Gus: Yeah. And just to expand on that a little bit because it's a question that we get pretty often is, you know, how does Argus decide when to launch an assessment? So there's basically three things that we're looking for in a market when we're looking to launch a new price.
The first is spot liquidity. So you have to have a lot of transactions. Well, not a lot, there's no magic number, but you need to have a certain number of transactions in this market for us to be able to really understand if it's reflecting the value of the grade. Then you have to have market participation, meaning that you can't just have one participant that controls all the supply for example. You don't want a monopoly-type situation. You want multiple buyers and multiple sellers so that it's an active market. And then you want transparency, which is usually one of the biggest challenges for us, which is getting people to report their transactions once they actually do them. So, in this case, we did have discussions with the participants about reporting their transactions and we got some positive feedback and some support in this endeavor, and so we were able to launch the price.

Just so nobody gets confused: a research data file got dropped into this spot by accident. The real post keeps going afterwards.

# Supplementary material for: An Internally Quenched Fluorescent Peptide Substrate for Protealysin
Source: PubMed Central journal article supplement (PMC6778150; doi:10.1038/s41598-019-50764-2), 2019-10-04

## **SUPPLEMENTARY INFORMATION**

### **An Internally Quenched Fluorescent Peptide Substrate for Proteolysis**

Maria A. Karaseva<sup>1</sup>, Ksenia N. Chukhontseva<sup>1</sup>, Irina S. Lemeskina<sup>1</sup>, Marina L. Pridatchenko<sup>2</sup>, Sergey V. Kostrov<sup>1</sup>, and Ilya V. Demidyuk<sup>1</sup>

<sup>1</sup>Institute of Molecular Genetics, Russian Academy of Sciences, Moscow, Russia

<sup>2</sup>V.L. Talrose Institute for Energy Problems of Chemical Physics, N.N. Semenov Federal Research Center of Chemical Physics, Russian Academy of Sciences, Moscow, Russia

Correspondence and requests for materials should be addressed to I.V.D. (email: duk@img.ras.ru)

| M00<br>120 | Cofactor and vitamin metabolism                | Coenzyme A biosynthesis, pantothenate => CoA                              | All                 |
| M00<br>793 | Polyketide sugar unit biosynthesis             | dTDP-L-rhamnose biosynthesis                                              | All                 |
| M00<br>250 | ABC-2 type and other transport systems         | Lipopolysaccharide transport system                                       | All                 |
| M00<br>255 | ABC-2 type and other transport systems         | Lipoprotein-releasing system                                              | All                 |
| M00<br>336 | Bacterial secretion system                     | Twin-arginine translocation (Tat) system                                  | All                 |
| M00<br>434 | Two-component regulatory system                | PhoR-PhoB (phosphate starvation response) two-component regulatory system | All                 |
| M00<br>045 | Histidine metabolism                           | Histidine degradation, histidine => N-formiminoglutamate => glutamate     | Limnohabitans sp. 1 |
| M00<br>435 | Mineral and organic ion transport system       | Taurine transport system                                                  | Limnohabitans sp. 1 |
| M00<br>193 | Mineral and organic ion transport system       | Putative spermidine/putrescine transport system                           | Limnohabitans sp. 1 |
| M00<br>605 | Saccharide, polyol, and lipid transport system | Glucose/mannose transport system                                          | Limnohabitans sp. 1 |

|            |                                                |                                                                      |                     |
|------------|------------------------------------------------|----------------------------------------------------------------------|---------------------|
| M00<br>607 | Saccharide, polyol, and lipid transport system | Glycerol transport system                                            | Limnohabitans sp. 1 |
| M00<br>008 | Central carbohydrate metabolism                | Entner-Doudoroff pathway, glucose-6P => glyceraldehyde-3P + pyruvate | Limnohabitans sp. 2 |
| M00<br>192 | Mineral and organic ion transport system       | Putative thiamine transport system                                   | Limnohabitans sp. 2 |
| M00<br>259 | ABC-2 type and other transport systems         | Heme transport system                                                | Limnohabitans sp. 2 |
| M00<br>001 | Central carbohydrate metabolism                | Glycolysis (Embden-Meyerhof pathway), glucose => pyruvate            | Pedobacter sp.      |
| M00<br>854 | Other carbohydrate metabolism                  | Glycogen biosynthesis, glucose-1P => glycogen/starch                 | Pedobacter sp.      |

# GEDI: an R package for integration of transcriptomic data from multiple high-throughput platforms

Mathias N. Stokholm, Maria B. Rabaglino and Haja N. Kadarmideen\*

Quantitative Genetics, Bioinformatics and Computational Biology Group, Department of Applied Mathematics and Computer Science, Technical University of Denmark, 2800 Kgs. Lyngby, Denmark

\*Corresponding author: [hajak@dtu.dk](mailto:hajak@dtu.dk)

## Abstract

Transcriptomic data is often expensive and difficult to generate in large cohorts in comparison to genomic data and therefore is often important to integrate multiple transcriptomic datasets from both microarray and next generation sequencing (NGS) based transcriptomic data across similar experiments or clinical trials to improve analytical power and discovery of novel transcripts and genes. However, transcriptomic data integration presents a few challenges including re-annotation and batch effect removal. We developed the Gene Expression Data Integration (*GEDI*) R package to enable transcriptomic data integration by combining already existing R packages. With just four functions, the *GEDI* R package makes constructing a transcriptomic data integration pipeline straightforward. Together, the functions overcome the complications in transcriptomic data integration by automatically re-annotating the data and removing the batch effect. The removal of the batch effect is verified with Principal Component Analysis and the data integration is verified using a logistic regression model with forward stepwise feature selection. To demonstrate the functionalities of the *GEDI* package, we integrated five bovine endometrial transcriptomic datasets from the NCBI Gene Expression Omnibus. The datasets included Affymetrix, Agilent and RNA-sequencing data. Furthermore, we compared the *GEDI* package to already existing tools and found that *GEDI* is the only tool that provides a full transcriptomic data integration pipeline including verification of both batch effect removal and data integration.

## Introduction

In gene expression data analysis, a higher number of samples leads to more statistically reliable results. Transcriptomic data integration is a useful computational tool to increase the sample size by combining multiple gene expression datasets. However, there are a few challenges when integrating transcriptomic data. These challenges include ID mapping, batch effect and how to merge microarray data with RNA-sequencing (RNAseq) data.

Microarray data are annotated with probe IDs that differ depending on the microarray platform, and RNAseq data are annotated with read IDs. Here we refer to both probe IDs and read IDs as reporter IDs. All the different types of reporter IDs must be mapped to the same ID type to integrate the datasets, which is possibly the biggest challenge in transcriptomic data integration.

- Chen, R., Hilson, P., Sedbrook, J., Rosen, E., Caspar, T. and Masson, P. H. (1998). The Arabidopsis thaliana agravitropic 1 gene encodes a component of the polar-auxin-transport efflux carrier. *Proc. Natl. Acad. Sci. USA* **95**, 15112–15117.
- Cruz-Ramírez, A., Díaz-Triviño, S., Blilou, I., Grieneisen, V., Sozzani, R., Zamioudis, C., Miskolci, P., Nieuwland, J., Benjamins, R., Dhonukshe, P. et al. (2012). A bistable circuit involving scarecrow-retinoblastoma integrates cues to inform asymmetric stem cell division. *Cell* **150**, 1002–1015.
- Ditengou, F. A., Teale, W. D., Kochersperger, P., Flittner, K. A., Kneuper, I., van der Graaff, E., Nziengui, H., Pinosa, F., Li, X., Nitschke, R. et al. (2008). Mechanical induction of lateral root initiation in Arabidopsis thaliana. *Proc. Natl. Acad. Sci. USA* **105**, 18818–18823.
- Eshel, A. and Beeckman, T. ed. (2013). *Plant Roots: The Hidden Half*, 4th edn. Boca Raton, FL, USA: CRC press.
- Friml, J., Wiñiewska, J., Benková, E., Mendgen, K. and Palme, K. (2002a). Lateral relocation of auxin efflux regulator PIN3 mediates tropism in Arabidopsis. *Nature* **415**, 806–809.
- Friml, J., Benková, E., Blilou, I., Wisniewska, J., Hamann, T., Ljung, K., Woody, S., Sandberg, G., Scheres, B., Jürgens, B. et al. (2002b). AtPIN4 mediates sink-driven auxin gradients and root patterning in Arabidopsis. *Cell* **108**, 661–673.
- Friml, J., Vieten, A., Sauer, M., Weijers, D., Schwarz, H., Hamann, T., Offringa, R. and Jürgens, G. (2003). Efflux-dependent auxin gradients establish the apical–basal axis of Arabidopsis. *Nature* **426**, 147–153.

Amanda: Right. So we launched, that was April 10th. So it's mid trade month, which was, kind of, unusual, like if we had just so much interest and excitement about it here that we went ahead and launched that. So the price is still really relatively new. We do have now three full trade month data sets that includes, though, some backfilling for the May trade month since it was in the middle of the trade month. So, so far we've seen 11 to 16 unique participants each month. And we've seen pretty good volumes, like 40,000, 100,000 and then 60,000 barrels per day reported each trade month between May, June, and July, so some promising data there.